Could OneTrueFan help news sites - and some R&D thoughts
Earlier this year, I did an extensive post on how Amy Webb was peering into the future of technology and how it might affect people's online interactions and journalism.
One of her trends was that aspects of gaming were being incorporated into more sites as a form of social media - think of Foursquare and its ability for users to collect location badges and become "mayor" of a location.
But how to do that on a news site? One answer might be OneTrueFan. Here is Tech Crunch's description:
OneTrueFan is a service for web publishers that allows visitors to earn badges for interacting and sharing content on the site. The startup revolves around a game-format for visitors that allows you to see who is reading content in the site, compete for the most engagement and encourages you to share content within the service and on social networks.But - and here we go again - why haven't publishers gotten together and created something similar, especially something that can be customized locally? For years, publications have been running "Best of" lists and contests (nominate your favorite dry cleaner, restaurant, pet grooming service, etc.) - often with competing lists among publications in a market.
But isn't this really the foundation of social media in a crude, print-oriented way? In other words, the idea was there, but as we've too often seen, the digital execution eluded media managers.
Yes, OneTrueFan is more about the entire Web, and I'm then projecting the idea onto the local market, ala Foursquare (or maybe OneTrueFan is projecting the Foursquare idea onto the entire Web - whatever). But that's actually my point - the underlying idea is the same, and media companies had the concept within reach and little to nothing to develop it.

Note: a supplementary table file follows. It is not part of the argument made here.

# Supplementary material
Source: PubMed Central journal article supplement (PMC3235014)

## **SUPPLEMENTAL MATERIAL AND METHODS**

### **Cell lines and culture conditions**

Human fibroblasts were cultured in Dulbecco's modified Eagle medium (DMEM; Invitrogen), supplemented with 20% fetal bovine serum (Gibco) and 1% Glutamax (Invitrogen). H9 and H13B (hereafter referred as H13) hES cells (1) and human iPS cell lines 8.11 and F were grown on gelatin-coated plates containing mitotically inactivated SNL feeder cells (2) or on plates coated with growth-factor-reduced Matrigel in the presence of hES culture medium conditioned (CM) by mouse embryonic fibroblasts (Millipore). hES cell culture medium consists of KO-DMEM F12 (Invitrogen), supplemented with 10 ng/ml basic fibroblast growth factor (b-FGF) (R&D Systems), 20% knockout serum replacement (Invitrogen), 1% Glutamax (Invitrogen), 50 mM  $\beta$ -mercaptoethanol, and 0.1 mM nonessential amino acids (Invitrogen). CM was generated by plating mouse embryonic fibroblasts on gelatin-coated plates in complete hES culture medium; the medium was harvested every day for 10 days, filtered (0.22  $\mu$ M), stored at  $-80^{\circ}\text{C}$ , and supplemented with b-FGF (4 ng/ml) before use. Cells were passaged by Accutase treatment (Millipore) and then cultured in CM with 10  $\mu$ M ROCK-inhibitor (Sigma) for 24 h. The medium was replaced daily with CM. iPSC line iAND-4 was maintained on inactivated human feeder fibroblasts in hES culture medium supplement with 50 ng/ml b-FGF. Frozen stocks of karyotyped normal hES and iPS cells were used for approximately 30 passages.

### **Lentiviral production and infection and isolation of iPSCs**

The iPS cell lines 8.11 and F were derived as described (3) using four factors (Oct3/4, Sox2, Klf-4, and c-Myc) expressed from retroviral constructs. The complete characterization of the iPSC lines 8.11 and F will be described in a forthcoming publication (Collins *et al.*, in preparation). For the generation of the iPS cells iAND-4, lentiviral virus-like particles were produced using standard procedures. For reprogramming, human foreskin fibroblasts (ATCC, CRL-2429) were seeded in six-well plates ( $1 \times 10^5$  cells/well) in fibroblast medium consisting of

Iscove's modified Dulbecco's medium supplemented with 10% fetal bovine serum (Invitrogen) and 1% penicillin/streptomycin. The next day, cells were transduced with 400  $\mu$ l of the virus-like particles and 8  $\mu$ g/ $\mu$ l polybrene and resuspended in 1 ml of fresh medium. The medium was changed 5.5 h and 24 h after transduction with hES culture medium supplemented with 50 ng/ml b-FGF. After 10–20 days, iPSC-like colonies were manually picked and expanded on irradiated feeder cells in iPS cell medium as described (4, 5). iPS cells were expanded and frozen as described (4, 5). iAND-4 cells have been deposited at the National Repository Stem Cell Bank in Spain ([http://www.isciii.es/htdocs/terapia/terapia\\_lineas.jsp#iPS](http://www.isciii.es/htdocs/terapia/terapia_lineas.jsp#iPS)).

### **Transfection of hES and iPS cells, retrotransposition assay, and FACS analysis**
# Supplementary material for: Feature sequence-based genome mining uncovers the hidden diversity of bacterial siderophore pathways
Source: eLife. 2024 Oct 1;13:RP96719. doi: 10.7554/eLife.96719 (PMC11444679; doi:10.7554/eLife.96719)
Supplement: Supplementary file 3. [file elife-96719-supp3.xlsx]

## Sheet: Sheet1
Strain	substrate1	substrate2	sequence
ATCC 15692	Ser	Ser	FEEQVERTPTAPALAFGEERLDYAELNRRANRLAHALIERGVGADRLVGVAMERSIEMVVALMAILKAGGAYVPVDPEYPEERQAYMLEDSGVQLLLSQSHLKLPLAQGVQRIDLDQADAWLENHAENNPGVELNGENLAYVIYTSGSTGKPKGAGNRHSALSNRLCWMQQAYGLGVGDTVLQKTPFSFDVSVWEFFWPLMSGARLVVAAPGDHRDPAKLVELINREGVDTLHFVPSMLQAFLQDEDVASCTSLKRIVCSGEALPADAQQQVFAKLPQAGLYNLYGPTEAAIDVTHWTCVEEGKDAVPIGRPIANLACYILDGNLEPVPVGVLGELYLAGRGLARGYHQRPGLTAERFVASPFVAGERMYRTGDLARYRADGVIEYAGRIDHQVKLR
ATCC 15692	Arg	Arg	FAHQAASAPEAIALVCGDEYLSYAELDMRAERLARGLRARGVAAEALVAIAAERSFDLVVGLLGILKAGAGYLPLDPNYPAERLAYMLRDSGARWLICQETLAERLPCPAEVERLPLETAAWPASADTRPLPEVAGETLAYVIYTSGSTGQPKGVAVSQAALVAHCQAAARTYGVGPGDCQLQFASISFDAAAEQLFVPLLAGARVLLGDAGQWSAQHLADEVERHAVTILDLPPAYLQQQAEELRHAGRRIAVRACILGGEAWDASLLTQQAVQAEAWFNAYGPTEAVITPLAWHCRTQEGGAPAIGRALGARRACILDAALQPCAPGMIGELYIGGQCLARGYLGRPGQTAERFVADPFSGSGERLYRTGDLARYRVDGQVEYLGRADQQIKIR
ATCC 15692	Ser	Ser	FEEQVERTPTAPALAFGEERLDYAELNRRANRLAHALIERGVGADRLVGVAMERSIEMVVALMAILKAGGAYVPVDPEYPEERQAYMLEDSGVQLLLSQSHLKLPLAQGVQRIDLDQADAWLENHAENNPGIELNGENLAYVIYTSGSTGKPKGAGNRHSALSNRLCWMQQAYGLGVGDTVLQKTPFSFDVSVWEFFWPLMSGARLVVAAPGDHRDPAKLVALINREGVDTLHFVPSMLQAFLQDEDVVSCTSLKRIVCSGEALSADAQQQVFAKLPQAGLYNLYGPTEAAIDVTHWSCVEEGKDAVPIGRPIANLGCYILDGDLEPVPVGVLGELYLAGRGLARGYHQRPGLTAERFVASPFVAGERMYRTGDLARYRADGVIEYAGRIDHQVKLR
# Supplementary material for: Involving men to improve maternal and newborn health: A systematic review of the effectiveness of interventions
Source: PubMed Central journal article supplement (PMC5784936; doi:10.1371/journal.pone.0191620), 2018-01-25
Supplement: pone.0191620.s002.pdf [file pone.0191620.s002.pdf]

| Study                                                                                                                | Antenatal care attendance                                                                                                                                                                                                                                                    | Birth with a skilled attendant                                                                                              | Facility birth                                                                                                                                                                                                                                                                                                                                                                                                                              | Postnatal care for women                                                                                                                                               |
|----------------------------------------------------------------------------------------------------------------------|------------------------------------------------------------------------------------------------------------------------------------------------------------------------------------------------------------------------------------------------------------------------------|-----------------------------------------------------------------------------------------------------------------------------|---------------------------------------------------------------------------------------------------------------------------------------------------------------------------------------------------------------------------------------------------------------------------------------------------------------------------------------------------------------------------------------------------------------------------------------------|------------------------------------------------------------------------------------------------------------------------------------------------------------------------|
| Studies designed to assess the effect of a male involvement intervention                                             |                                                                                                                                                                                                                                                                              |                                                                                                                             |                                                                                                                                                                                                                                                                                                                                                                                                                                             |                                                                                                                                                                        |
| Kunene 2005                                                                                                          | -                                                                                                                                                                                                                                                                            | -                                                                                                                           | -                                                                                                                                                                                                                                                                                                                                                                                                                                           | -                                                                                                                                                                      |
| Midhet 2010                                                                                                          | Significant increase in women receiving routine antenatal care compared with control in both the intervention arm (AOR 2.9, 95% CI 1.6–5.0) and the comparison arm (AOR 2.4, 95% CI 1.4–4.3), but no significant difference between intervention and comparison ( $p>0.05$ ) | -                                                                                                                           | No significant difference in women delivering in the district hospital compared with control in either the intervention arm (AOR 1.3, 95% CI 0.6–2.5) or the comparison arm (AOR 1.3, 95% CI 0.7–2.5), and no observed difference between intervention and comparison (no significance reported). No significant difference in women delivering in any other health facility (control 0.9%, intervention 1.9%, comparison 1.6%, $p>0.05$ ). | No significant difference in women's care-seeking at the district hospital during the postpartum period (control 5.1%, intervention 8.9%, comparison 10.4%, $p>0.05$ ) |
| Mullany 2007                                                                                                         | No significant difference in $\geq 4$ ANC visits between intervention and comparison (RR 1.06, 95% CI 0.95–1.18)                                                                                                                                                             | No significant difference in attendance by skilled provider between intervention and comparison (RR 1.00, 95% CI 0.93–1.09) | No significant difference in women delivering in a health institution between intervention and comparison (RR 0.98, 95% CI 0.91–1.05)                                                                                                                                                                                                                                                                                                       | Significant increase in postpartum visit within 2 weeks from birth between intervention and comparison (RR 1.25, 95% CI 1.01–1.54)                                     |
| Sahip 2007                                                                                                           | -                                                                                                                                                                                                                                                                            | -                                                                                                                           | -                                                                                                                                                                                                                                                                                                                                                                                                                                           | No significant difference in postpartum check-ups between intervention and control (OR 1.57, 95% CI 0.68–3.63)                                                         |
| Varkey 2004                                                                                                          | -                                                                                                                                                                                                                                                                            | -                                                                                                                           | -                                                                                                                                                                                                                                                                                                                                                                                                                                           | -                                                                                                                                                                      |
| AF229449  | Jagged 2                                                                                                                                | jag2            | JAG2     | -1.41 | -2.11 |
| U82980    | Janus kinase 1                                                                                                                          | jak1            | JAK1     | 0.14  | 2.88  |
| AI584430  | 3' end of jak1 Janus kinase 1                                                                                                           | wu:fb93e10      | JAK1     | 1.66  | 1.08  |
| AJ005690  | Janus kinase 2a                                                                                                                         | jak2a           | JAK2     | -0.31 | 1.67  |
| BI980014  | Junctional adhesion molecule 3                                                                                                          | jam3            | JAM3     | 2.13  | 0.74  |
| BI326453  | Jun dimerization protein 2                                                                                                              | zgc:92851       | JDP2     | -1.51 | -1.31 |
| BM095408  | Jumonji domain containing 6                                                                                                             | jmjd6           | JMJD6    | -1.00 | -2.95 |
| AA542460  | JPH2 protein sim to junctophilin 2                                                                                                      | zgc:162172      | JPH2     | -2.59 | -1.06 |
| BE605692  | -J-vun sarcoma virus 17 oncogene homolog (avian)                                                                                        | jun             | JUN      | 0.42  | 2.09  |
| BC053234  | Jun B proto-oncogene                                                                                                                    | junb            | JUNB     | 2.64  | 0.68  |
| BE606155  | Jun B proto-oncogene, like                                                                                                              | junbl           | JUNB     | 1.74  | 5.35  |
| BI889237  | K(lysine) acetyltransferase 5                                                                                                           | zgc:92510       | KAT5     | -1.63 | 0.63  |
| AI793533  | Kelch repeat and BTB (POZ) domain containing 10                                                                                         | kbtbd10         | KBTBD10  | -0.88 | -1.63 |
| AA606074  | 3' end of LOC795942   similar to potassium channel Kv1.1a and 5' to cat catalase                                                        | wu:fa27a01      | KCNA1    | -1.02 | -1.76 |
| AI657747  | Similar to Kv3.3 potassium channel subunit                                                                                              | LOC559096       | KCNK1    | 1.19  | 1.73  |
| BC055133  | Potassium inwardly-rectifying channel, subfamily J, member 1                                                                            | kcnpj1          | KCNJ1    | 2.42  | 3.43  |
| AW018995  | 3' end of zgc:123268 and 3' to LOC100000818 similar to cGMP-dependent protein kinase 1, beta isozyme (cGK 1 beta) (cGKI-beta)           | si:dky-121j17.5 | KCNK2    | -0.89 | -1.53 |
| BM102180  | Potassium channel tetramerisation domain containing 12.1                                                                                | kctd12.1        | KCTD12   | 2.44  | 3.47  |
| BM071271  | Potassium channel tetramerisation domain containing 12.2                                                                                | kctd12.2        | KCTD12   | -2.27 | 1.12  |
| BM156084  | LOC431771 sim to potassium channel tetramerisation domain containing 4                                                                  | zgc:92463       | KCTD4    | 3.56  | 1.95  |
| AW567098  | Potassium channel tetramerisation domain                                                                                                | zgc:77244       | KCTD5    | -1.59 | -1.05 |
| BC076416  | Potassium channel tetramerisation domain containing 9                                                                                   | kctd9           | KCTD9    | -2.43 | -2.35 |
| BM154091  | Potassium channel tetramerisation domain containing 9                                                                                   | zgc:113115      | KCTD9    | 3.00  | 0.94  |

We can all trot out the usual reasons - intransigence, lack of vision, print-centricity. And they all play a part. But I also think the fragmentation of publishing plays a role. It makes sustained innovation difficult. I still cling to the idea (however misguided) that publishing still needs a central, industry-funded R&D center, or at least a clearinghouse, that can develop white-label apps that would be easy to adapt, from the largest operation to the smallest.
Ideally, this center, or perhaps a more formalized but decentralized association of research centers, would also solicit ideas and challenges from inside publishing companies (how often have we heard the complaint that good ideas died inside recalcitrant newsrooms) and somehow publicize them to other developers. The ideal would be to avoid the potential stifling of innovation that can come from centralization, but yet:
- Give publishers (and, again, I use the term broadly, from the biggest media company to the smallest hyper-locala site) access to the best of emerging technology.
- Provide a sort of "Good Housekeeping" seal of approval that might overcome some of the skittishness I still find among many journalists and media managers about freeware, shareware, and shared services which is where much of the innovation is occuring.
- Keep it simple so that even the most time- and resource-pressed operation can reasonably hope to adopt useful innovations.
- Provide some focus, if nothing else, to enable decision-makers to have a more centralized and analytical place to understand what is happening specifically in the technology and how it may affect their operations. (Not discounting the efforts already by Nieman's Media Lab, Media Shift, Knight Digital Media Center and Media Info Center, among many others)
Yes, I am being idealistic here. I could spend another 500 words just highlighting all the downsides and operational challenges (not the least of which is the industry's long line of failed cooperative ventures and almost pathological aversion to working together). But for now I just want to throw out the idea.